Local government employees driving county- and city-owned cars can stop at a grocery store on the way home from work, but not one several blocks out of the way.
Franklin police officers get a vehicle to use when they patrol city streets for speeders and possible crimes; but at home, unless they are called to a crime scene, the vehicles should be parked.
City officials check whether that is happening by monitoring mileage and gas use.
As gas prices have risen in recent years, local governments have tightened policies on where and when employees can drive their work vehicles. In Indianapolis, city officials are discussing a surcharge for city employees, including firefighters and police officers, who have take-home vehicles. The surcharge would bring in an estimated $1.4 million according to the mayor’s budget.
In Johnson County, no local government has stopped allowing employees to take home their work vehicles. But they do have specific times and instances when officers and employees can use the cars in order to save gas money.
County sheriff’s deputies are
allowed to use them at part-time security jobs if they reimburse the county for gas, but few Franklin police officers pay for their off-duty gas, which they can do on a voluntary basis, Deputy Chief Chris Tennell said.
Greenwood police officers do not pay for off-duty gas, but in the past the department has gone as far as taking away their vehicles, spokesman Matt Fillenwarth said. In 2005, high fuel costs led the department to take away all vehicles that officers could bring home. They kept them off the streets for about a year.
Residents complained about the lower police presence, and the cars came back on the streets about a year later.
In Greenwood, Franklin and the county, a total of 186 employees have vehicles they can take home, and taxpayers pay more than $450,000 each year for fuel for those cars.
Their bosses track the mileage and trust the employees aren’t using the vehicles when they shouldn’t.
The five department managers for Franklin city government who have vehicles are allowed to drive only to and from work or work events.
The city keeps track of the mileage and the amount spent on gas through credit cards that match each car. Employees use the cards to pay for gas, and each card matches a car. The card reads the amount of gas put in the car and knows the mileage from that amount, Mayor Joe McGuinness said.
If an employee has been using more gas than usual, McGuinness will tell him or her. In the past, employees have had their vehicle use suspended.
The city does not have plans to charge its 48 police, fire and city employees with cars for the gas they use, but the idea might come up in budget negotiations, he said. The city had spent a total of $112,421 on fuel so far this year.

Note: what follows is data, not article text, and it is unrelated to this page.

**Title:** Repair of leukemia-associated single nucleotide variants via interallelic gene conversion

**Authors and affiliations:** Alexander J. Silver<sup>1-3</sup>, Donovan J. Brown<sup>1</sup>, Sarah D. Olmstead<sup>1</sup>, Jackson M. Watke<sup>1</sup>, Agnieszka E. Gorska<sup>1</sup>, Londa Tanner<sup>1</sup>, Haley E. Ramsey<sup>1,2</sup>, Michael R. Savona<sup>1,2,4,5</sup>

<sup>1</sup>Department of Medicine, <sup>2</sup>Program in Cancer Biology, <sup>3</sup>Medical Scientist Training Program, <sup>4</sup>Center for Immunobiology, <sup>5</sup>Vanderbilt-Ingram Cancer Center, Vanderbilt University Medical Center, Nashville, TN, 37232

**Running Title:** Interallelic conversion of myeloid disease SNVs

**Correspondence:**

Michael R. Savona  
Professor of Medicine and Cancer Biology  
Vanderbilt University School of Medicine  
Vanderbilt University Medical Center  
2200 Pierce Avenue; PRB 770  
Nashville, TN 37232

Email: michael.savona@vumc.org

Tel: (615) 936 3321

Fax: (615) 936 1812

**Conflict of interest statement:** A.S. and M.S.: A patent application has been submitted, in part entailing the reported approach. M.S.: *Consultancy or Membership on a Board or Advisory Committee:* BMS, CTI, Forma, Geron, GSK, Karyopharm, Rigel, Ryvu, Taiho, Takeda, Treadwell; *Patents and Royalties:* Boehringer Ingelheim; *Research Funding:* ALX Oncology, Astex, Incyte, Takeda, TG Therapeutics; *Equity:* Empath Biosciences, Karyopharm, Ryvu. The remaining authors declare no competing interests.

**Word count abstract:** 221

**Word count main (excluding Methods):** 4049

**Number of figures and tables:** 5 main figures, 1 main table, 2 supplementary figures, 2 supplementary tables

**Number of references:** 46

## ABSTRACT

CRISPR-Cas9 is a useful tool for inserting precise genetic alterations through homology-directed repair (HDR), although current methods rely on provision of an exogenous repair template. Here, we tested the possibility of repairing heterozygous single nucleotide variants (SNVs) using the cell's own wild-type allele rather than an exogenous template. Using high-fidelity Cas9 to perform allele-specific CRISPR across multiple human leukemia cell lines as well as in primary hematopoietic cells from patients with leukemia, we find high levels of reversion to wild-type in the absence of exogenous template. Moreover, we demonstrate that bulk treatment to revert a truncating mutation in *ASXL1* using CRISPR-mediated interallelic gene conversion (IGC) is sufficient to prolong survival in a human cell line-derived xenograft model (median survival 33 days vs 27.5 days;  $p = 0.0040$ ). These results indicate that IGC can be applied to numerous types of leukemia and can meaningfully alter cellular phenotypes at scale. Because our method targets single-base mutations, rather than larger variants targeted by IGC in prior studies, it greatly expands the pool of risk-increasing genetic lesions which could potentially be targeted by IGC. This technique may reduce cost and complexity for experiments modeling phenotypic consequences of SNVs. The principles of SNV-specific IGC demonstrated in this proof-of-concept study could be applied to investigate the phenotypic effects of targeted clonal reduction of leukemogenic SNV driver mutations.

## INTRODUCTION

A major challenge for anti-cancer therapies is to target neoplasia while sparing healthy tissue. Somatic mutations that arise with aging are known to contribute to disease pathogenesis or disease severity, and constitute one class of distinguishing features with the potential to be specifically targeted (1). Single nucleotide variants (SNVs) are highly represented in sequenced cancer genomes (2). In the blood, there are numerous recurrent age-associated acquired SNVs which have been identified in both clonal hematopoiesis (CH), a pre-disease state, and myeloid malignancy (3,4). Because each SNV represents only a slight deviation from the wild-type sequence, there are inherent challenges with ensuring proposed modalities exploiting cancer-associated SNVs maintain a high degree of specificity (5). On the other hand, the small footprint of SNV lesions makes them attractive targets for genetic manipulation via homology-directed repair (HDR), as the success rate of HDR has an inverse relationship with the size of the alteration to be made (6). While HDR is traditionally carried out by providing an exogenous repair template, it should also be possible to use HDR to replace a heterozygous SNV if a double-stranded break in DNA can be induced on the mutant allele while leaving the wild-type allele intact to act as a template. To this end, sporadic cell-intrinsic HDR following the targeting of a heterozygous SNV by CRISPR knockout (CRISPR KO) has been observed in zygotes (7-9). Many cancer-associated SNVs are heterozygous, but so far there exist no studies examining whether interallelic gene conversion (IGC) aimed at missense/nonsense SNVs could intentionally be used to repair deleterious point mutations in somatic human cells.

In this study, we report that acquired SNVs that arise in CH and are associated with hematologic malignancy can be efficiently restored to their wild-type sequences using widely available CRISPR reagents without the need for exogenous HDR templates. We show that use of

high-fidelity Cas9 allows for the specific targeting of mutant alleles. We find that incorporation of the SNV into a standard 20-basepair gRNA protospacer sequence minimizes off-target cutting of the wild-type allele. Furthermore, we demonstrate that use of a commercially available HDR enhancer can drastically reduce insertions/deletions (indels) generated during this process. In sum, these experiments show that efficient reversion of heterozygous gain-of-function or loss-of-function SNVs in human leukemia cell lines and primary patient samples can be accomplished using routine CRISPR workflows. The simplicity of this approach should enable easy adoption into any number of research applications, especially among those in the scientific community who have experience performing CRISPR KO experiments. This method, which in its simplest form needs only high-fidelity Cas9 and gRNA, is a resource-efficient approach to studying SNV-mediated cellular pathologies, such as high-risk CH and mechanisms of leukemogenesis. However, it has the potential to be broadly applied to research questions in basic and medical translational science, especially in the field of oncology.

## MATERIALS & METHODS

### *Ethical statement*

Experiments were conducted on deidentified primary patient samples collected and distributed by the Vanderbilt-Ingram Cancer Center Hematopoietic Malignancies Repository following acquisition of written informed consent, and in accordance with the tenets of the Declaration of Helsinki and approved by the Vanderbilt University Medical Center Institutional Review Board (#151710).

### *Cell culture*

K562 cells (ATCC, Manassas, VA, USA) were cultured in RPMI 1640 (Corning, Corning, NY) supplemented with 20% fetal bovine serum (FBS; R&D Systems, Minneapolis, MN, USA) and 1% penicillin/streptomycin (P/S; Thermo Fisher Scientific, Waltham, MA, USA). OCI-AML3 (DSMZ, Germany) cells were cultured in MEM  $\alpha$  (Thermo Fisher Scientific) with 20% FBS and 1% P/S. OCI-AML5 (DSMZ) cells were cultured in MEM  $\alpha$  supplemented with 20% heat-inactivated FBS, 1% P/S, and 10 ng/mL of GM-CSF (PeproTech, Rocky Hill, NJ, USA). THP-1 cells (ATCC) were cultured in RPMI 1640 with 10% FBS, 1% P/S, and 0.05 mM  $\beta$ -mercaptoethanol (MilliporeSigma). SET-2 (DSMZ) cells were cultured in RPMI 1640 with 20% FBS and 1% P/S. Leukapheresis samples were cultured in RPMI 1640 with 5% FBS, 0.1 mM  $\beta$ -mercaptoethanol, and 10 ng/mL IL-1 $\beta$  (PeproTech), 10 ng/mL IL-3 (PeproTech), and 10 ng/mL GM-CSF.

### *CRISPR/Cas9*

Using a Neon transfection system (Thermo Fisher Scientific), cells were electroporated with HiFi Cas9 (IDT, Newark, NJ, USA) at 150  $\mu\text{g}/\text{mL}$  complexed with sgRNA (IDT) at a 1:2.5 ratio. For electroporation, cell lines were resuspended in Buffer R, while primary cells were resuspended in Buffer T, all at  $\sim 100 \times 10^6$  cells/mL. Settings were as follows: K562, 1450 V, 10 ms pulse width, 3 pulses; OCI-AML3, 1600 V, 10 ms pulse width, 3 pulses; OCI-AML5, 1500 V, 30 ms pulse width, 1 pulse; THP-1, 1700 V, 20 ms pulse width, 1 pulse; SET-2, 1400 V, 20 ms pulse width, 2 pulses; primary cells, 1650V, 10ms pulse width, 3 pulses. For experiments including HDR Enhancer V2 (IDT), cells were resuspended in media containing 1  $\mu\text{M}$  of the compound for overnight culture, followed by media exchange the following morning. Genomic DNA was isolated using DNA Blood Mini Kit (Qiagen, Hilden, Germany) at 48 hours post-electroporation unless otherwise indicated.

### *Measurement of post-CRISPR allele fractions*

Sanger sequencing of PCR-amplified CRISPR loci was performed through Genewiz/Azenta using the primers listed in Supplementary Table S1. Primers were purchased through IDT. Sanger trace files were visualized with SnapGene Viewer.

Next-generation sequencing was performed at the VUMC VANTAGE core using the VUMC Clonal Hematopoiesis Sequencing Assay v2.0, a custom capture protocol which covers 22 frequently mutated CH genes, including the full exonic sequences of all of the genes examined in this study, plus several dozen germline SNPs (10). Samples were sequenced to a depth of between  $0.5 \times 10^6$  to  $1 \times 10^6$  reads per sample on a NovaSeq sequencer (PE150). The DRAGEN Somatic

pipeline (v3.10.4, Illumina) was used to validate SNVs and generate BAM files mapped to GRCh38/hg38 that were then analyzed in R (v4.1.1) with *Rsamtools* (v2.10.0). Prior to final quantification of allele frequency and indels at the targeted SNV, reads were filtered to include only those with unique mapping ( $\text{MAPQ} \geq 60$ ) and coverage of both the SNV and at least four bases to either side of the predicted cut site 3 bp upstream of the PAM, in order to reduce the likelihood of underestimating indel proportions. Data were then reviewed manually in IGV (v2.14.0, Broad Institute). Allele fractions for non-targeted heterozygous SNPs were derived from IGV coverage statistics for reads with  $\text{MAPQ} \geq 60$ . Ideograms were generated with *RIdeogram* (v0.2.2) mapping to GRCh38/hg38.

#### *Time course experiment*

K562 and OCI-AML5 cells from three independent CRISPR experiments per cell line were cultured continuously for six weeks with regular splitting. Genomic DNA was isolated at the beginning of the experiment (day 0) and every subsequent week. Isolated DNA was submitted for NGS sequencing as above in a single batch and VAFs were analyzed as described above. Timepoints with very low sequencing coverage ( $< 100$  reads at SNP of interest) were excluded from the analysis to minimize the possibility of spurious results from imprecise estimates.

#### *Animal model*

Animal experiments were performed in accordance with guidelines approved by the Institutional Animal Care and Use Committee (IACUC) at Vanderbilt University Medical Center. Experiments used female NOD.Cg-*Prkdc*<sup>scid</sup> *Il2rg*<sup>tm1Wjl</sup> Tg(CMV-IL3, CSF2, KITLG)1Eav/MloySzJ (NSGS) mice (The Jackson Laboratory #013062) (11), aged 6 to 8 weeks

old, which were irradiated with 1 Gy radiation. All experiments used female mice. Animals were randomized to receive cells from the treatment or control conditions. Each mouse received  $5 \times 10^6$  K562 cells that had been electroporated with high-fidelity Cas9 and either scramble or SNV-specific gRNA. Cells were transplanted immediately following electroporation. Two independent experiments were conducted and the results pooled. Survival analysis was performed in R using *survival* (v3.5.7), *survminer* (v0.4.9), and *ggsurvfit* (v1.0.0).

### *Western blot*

“It hasn’t been discussed yet, but it’s not outside the realm of possibility,” he said.
McGuinness spends about $50 a week on gas for his car.
Greenwood will not consider charging its 12 city employees or 58 police officers for gas, deputy mayor Terry McLaughlin said. The department managers and supervisors who have the vehicles are allowed to use them only for work, and the city relies on them to report their gas use honestly, he said.
Only employees with on-call duties, such as police officers and the information technology director, have permission to use the cars when they are not working, he said. They do not pay for their off-duty gas.
All Greenwood and Franklin police officers and Johnson County sheriff’s deputies have cars they can take home. The cars allow officers to get to crime scenes quickly, and their presence in the community also stops crimes from happening, Fillenwarth said.
“There’s a benefit to the city,” he said. “When someone sees them out it shows a police presence.”
All 61 Johnson County sheriff’s deputies have take-home cars. They are allowed to use them outside of work for part-time jobs, such as security, but they have to report that mileage and reimburse the department for that fuel, Maj. Jerry Pickett. said. Last year, deputies paid the department back a total of about $7,000, he said.
All gas costs are covered for all six of the Greenwood Fire Department officers and investigators with vehicles.
Officers can take the cars to get groceries and go to dinner within the county, but they have to be prepared to respond to an emergency, Fire Chief James Sipes said. Driving the marked vehicles makes them a representative of the department, and they are expected to help any residents they may find in danger or injured, he said. They cannot take the cars out of the county or use them to go drink or buy alcohol.
The department will watch to see if the surcharge is approved in Indianapolis, Sipes said. The department’s gas costs are currently manageable, but if they increase sharply in the future, the department will consider charging them for it, he said.